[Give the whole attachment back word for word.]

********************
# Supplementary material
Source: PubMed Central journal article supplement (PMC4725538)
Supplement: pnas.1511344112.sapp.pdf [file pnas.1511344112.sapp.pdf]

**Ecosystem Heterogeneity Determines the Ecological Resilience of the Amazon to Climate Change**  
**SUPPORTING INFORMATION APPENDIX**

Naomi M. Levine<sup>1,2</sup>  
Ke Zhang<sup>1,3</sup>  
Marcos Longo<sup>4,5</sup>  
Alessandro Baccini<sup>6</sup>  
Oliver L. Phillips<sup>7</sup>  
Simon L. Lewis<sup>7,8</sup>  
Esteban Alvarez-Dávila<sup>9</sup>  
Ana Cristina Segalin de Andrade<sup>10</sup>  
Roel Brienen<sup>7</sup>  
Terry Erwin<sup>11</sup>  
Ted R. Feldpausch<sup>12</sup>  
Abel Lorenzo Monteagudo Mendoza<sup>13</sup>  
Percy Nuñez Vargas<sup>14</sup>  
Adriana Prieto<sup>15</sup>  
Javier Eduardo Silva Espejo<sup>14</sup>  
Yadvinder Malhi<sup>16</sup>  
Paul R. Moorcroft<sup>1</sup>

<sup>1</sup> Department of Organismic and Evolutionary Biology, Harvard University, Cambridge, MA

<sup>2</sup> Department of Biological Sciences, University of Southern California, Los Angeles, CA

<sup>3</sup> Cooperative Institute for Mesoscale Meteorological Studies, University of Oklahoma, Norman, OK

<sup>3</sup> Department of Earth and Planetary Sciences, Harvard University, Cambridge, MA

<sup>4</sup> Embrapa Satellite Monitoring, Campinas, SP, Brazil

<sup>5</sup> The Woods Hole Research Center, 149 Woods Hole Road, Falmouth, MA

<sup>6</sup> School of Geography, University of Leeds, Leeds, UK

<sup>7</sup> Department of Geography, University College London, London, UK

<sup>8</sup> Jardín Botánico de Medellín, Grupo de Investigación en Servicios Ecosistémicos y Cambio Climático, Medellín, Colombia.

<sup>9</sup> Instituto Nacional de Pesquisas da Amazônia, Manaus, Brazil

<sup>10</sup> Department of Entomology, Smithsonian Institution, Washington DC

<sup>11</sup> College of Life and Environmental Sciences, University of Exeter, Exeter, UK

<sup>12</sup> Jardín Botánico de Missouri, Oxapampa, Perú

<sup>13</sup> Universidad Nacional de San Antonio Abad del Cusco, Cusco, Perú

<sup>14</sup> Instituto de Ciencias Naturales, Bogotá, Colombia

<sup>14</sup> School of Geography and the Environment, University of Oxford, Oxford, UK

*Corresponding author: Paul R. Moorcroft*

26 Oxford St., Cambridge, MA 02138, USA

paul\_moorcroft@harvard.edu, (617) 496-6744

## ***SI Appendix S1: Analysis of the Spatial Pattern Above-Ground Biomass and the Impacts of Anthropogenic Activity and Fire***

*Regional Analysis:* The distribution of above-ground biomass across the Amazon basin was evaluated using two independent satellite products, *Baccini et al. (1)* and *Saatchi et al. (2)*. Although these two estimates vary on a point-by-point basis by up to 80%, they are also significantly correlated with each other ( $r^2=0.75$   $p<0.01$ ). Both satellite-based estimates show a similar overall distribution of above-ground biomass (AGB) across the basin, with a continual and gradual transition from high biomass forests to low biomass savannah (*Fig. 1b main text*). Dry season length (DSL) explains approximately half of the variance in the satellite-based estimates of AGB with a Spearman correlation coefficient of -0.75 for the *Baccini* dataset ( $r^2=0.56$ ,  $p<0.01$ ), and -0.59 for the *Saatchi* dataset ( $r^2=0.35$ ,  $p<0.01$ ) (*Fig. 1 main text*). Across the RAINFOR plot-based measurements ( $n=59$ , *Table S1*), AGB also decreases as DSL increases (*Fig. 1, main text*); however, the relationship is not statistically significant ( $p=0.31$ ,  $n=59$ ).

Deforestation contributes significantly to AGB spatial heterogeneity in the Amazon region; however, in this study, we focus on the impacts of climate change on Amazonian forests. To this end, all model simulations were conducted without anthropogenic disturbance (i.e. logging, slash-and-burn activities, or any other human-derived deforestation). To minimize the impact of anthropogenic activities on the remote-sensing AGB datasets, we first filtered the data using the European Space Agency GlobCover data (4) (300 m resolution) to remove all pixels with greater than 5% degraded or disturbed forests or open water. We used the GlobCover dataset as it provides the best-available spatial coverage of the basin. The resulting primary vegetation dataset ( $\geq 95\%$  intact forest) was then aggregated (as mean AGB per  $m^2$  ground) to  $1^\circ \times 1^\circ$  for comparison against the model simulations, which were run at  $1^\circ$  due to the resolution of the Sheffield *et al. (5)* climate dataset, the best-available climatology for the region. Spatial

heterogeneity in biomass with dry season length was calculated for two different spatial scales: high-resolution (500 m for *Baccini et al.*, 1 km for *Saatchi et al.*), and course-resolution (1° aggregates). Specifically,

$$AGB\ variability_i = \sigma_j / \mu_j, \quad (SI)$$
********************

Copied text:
# Supplementary material
Source: PubMed Central journal article supplement (PMC4725538)
Supplement: pnas.1511344112.sapp.pdf [file pnas.1511344112.sapp.pdf]

**Ecosystem Heterogeneity Determines the Ecological Resilience of the Amazon to Climate Change**  
**SUPPORTING INFORMATION APPENDIX**

Naomi M. Levine<sup>1,2</sup>  
Ke Zhang<sup>1,3</sup>  
Marcos Longo<sup>4,5</sup>  
Alessandro Baccini<sup>6</sup>  
Oliver L. Phillips<sup>7</sup>  
Simon L. Lewis<sup>7,8</sup>  
Esteban Alvarez-Dávila<sup>9</sup>  
Ana Cristina Segalin de Andrade<sup>10</sup>  
Roel Brienen<sup>7</sup>  
Terry Erwin<sup>11</sup>  
Ted R. Feldpausch<sup>12</sup>  
Abel Lorenzo Monteagudo Mendoza<sup>13</sup>  
Percy Nuñez Vargas<sup>14</sup>  
Adriana Prieto<sup>15</sup>  
Javier Eduardo Silva Espejo<sup>14</sup>  
Yadvinder Malhi<sup>16</sup>  
Paul R. Moorcroft<sup>1</sup>

<sup>1</sup> Department of Organismic and Evolutionary Biology, Harvard University, Cambridge, MA

<sup>2</sup> Department of Biological Sciences, University of Southern California, Los Angeles, CA

<sup>3</sup> Cooperative Institute for Mesoscale Meteorological Studies, University of Oklahoma, Norman, OK

<sup>3</sup> Department of Earth and Planetary Sciences, Harvard University, Cambridge, MA

<sup>4</sup> Embrapa Satellite Monitoring, Campinas, SP, Brazil

<sup>5</sup> The Woods Hole Research Center, 149 Woods Hole Road, Falmouth, MA

<sup>6</sup> School of Geography, University of Leeds, Leeds, UK

<sup>7</sup> Department of Geography, University College London, London, UK

<sup>8</sup> Jardín Botánico de Medellín, Grupo de Investigación en Servicios Ecosistémicos y Cambio Climático, Medellín, Colombia.

<sup>9</sup> Instituto Nacional de Pesquisas da Amazônia, Manaus, Brazil

<sup>10</sup> Department of Entomology, Smithsonian Institution, Washington DC

<sup>11</sup> College of Life and Environmental Sciences, University of Exeter, Exeter, UK

<sup>12</sup> Jardín Botánico de Missouri, Oxapampa, Perú

<sup>13</sup> Universidad Nacional de San Antonio Abad del Cusco, Cusco, Perú

<sup>14</sup> Instituto de Ciencias Naturales, Bogotá, Colombia

<sup>14</sup> School of Geography and the Environment, University of Oxford, Oxford, UK

*Corresponding author: Paul R. Moorcroft*

26 Oxford St., Cambridge, MA 02138, USA

paul\_moorcroft@harvard.edu, (617) 496-6744

## ***SI Appendix S1: Analysis of the Spatial Pattern Above-Ground Biomass and the Impacts of Anthropogenic Activity and Fire***

*Regional Analysis:* The distribution of above-ground biomass across the Amazon basin was evaluated using two independent satellite products, *Baccini et al. (1)* and *Saatchi et al. (2)*. Although these two estimates vary on a point-by-point basis by up to 80%, they are also significantly correlated with each other ( $r^2=0.75$   $p<0.01$ ). Both satellite-based estimates show a similar overall distribution of above-ground biomass (AGB) across the basin, with a continual and gradual transition from high biomass forests to low biomass savannah (*Fig. 1b main text*). Dry season length (DSL) explains approximately half of the variance in the satellite-based estimates of AGB with a Spearman correlation coefficient of -0.75 for the *Baccini* dataset ( $r^2=0.56$ ,  $p<0.01$ ), and -0.59 for the *Saatchi* dataset ( $r^2=0.35$ ,  $p<0.01$ ) (*Fig. 1 main text*). Across the RAINFOR plot-based measurements ( $n=59$ , *Table S1*), AGB also decreases as DSL increases (*Fig. 1, main text*); however, the relationship is not statistically significant ( $p=0.31$ ,  $n=59$ ).

Deforestation contributes significantly to AGB spatial heterogeneity in the Amazon region; however, in this study, we focus on the impacts of climate change on Amazonian forests. To this end, all model simulations were conducted without anthropogenic disturbance (i.e. logging, slash-and-burn activities, or any other human-derived deforestation). To minimize the impact of anthropogenic activities on the remote-sensing AGB datasets, we first filtered the data using the European Space Agency GlobCover data (4) (300 m resolution) to remove all pixels with greater than 5% degraded or disturbed forests or open water. We used the GlobCover dataset as it provides the best-available spatial coverage of the basin. The resulting primary vegetation dataset ( $\geq 95\%$  intact forest) was then aggregated (as mean AGB per  $m^2$  ground) to  $1^\circ \times 1^\circ$  for comparison against the model simulations, which were run at  $1^\circ$  due to the resolution of the Sheffield *et al. (5)* climate dataset, the best-available climatology for the region. Spatial

heterogeneity in biomass with dry season length was calculated for two different spatial scales: high-resolution (500 m for *Baccini et al.*, 1 km for *Saatchi et al.*), and course-resolution (1° aggregates). Specifically,

$$AGB\ variability_i = \sigma_j / \mu_j, \quad (SI)$$